“If we stopped wasting people’s time, what would they do with it?”
This is the second part of my The Lean Startup notes. Enjoy!
A useful debugging tool when you can’t figure out what’s going on: wrap a form with ?, and the form will be printed alongside its result. The result will still be passed along.
Before taking a look at the source code let’s go through some usage examples since this one’s a bit more tricky than defproject:
user=> (str (list 1 2 (+ 1 2))) "(1 2 3)" user=> (str (? (list 1 2 (? (+ 1 2))))) (+ 1 2) is 3 (list 1 2 (? (+ 1 2))) is (1 2 3) "(1 2 3)"
I have pre-ordered the The Lean Startup but then I haven’t opened its cover except to skim through a few random sentences now and then. I have finished it during my summer vacation. These are my short notes from the book. They are quite terse and mostly for my own reference. But take a look anyway, you might find these concepts interesting. In any case, I strongly recommend the book.
“Programs must be written for people to read, and only incidentally for machines to execute.”
Reading code is a great way to improve programming skill. It is not just a progressive practice though. I have observed that those who are not in the habit of reading code lose their edge eventually. Perhaps they didn’t have an edge to begin with and their lack of experience was overrated when they are evaluated. Regardless, I stand by the practice of reading code.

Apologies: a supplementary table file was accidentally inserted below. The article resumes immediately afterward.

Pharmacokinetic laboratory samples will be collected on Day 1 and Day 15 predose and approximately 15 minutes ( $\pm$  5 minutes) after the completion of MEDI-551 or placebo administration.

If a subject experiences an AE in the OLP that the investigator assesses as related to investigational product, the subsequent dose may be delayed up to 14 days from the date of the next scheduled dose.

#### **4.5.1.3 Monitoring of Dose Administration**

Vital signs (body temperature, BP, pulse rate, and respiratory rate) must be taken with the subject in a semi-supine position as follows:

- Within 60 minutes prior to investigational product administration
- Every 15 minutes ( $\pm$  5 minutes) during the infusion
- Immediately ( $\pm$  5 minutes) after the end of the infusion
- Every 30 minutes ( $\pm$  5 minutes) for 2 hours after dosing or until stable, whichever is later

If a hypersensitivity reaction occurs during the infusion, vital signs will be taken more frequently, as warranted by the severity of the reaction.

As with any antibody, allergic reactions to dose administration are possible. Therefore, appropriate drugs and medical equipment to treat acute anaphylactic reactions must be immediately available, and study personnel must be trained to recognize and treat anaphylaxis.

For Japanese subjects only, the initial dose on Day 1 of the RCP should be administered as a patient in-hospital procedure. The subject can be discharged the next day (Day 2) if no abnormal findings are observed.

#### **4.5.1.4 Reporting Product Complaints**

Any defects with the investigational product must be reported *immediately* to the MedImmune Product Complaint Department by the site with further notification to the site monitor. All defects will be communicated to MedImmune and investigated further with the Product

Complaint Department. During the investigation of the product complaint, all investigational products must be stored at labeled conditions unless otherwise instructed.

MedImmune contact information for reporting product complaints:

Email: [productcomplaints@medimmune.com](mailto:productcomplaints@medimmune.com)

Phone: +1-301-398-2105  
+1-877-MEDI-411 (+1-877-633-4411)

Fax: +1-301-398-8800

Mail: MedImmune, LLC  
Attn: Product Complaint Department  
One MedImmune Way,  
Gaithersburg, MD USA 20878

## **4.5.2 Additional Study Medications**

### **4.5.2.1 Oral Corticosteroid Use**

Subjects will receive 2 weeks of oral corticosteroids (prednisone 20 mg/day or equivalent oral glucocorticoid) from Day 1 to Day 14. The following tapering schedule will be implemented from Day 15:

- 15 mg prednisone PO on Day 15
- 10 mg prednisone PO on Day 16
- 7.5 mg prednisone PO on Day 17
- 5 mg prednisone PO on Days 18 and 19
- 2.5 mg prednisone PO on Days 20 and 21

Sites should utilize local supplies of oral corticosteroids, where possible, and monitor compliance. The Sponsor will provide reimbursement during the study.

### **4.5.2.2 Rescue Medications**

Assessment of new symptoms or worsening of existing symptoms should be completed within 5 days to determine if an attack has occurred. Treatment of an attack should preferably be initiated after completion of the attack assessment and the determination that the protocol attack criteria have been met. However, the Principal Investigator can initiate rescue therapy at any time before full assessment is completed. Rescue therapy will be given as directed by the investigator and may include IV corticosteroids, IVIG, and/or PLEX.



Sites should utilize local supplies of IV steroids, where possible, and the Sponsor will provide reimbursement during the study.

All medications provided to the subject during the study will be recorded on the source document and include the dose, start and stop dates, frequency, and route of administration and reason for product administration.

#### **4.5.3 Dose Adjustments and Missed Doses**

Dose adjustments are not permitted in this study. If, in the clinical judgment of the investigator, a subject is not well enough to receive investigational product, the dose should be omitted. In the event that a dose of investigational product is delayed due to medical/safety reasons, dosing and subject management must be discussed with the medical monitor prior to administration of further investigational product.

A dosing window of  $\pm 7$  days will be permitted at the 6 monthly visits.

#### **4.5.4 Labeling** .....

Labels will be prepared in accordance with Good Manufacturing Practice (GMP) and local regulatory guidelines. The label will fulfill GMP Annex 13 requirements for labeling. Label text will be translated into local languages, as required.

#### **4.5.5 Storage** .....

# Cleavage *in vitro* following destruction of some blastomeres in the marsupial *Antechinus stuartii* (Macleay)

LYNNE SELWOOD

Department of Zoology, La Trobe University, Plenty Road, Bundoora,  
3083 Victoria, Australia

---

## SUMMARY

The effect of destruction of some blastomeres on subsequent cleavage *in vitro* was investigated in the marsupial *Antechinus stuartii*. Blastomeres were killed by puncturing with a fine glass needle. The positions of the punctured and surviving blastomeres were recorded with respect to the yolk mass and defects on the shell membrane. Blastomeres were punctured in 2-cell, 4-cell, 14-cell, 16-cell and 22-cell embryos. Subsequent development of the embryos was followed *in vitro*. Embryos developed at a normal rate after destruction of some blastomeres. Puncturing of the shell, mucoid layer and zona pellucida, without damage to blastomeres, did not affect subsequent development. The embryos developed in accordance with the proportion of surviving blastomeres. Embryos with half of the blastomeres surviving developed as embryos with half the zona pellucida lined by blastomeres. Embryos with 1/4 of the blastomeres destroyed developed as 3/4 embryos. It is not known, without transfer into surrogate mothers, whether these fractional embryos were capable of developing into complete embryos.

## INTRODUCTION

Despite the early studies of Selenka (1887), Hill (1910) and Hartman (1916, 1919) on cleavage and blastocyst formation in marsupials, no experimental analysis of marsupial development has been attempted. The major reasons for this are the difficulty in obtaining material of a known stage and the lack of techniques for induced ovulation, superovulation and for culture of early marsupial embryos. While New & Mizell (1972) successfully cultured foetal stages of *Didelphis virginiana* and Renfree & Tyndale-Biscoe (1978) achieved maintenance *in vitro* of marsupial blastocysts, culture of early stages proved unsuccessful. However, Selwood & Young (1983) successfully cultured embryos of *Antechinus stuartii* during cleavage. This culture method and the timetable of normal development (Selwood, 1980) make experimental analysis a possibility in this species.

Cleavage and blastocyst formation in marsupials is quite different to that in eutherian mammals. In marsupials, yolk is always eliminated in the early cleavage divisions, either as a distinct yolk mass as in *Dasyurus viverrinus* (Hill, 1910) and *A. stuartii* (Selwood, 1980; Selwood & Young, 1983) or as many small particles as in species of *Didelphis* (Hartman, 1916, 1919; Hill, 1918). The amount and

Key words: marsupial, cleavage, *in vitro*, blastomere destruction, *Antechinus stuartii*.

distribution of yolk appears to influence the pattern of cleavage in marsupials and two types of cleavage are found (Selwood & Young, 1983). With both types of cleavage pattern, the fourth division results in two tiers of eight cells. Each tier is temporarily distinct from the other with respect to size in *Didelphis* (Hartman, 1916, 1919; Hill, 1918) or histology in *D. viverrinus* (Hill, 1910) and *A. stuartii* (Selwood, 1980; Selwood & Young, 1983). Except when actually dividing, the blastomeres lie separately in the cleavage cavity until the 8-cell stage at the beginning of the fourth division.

Let’s talk about archery. The fact of this post being about bodybuilding or that I don’t know anything about archery won’t stop me. I will go ahead and give you advice about archery. You’re welcome.
“The mind is the limit. As long as the mind can envision the fact that you can do something, you can do it, as long as you really believe 100 percent.”
Let’s say we want to be good at archery. We have all our gear; bow, arrows, target board, etc... We have a nice, safe, quiet place to practice. We have the time. We are all set.
How about we practice two hours every day? This is totally doable, no? I am sure we would become good enough to compete one day, if we kept training like this. Maybe in a year. Or two. Or five.
What if we practiced 4 hours? It is still a very reasonable length of time. We should be advancing almost twice as fast as if we practiced 2 hours.
If we doubled the duration of our practice sessions, up to 8 hours we can expect to reach that level of proficiency sooner. Of course we can’t possibly practice 24 hours a day for more than a day or two. But within reasonable limits this theory holds: the more the better. The more we practice, the faster we build your archery skill.